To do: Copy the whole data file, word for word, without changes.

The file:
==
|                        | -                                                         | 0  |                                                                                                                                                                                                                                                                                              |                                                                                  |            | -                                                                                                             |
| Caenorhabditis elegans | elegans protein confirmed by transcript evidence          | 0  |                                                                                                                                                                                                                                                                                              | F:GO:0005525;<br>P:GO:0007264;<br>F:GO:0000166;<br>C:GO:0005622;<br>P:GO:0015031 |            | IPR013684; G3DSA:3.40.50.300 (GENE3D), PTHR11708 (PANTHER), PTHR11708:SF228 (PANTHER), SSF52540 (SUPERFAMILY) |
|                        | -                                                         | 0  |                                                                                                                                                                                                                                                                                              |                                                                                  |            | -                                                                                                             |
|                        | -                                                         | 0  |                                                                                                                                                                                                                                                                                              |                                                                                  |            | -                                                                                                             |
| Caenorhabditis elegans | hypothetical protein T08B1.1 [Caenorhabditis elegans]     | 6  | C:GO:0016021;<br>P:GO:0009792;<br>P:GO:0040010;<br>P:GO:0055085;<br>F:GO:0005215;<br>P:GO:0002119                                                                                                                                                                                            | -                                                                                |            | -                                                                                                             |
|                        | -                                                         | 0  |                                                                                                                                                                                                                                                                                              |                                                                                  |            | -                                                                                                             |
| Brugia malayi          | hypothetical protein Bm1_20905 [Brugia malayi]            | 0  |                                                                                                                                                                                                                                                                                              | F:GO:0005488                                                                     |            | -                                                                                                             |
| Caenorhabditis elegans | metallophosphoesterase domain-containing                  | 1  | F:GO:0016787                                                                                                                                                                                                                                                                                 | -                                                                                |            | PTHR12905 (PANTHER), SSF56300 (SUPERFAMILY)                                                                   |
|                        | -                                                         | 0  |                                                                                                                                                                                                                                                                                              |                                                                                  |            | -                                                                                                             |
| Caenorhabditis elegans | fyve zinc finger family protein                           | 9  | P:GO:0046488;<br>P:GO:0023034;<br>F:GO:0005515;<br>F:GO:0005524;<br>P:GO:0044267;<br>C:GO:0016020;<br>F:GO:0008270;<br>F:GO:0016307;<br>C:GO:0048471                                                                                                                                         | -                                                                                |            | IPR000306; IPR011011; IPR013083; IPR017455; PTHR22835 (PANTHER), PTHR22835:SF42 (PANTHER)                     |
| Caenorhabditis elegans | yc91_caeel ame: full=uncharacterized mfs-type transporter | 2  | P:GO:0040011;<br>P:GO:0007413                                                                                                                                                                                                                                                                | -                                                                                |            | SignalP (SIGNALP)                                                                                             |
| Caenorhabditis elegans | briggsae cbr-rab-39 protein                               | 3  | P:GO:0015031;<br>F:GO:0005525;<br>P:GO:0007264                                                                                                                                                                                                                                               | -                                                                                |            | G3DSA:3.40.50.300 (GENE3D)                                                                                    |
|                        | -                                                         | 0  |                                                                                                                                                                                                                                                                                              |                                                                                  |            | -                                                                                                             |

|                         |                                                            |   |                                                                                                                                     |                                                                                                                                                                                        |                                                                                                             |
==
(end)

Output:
|                        | -                                                         | 0  |                                                                                                                                                                                                                                                                                              |                                                                                  |            | -                                                                                                             |
| Caenorhabditis elegans | elegans protein confirmed by transcript evidence          | 0  |                                                                                                                                                                                                                                                                                              | F:GO:0005525;<br>P:GO:0007264;<br>F:GO:0000166;<br>C:GO:0005622;<br>P:GO:0015031 |            | IPR013684; G3DSA:3.40.50.300 (GENE3D), PTHR11708 (PANTHER), PTHR11708:SF228 (PANTHER), SSF52540 (SUPERFAMILY) |
|                        | -                                                         | 0  |                                                                                                                                                                                                                                                                                              |                                                                                  |            | -                                                                                                             |
|                        | -                                                         | 0  |                                                                                                                                                                                                                                                                                              |                                                                                  |            | -                                                                                                             |
| Caenorhabditis elegans | hypothetical protein T08B1.1 [Caenorhabditis elegans]     | 6  | C:GO:0016021;<br>P:GO:0009792;<br>P:GO:0040010;<br>P:GO:0055085;<br>F:GO:0005215;<br>P:GO:0002119                                                                                                                                                                                            | -                                                                                |            | -                                                                                                             |
|                        | -                                                         | 0  |                                                                                                                                                                                                                                                                                              |                                                                                  |            | -                                                                                                             |
| Brugia malayi          | hypothetical protein Bm1_20905 [Brugia malayi]            | 0  |                                                                                                                                                                                                                                                                                              | F:GO:0005488                                                                     |            | -                                                                                                             |
| Caenorhabditis elegans | metallophosphoesterase domain-containing                  | 1  | F:GO:0016787                                                                                                                                                                                                                                                                                 | -                                                                                |            | PTHR12905 (PANTHER), SSF56300 (SUPERFAMILY)                                                                   |
|                        | -                                                         | 0  |                                                                                                                                                                                                                                                                                              |                                                                                  |            | -                                                                                                             |
| Caenorhabditis elegans | fyve zinc finger family protein                           | 9  | P:GO:0046488;<br>P:GO:0023034;<br>F:GO:0005515;<br>F:GO:0005524;<br>P:GO:0044267;<br>C:GO:0016020;<br>F:GO:0008270;<br>F:GO:0016307;<br>C:GO:0048471                                                                                                                                         | -                                                                                |            | IPR000306; IPR011011; IPR013083; IPR017455; PTHR22835 (PANTHER), PTHR22835:SF42 (PANTHER)                     |
| Caenorhabditis elegans | yc91_caeel ame: full=uncharacterized mfs-type transporter | 2  | P:GO:0040011;<br>P:GO:0007413                                                                                                                                                                                                                                                                | -                                                                                |            | SignalP (SIGNALP)                                                                                             |
| Caenorhabditis elegans | briggsae cbr-rab-39 protein                               | 3  | P:GO:0015031;<br>F:GO:0005525;<br>P:GO:0007264                                                                                                                                                                                                                                               | -                                                                                |            | G3DSA:3.40.50.300 (GENE3D)                                                                                    |
|                        | -                                                         | 0  |                                                                                                                                                                                                                                                                                              |                                                                                  |            | -                                                                                                             |

|                         |                                                            |   |                                                                                                                                     |                                                                                                                                                                                        |                                                                                                             |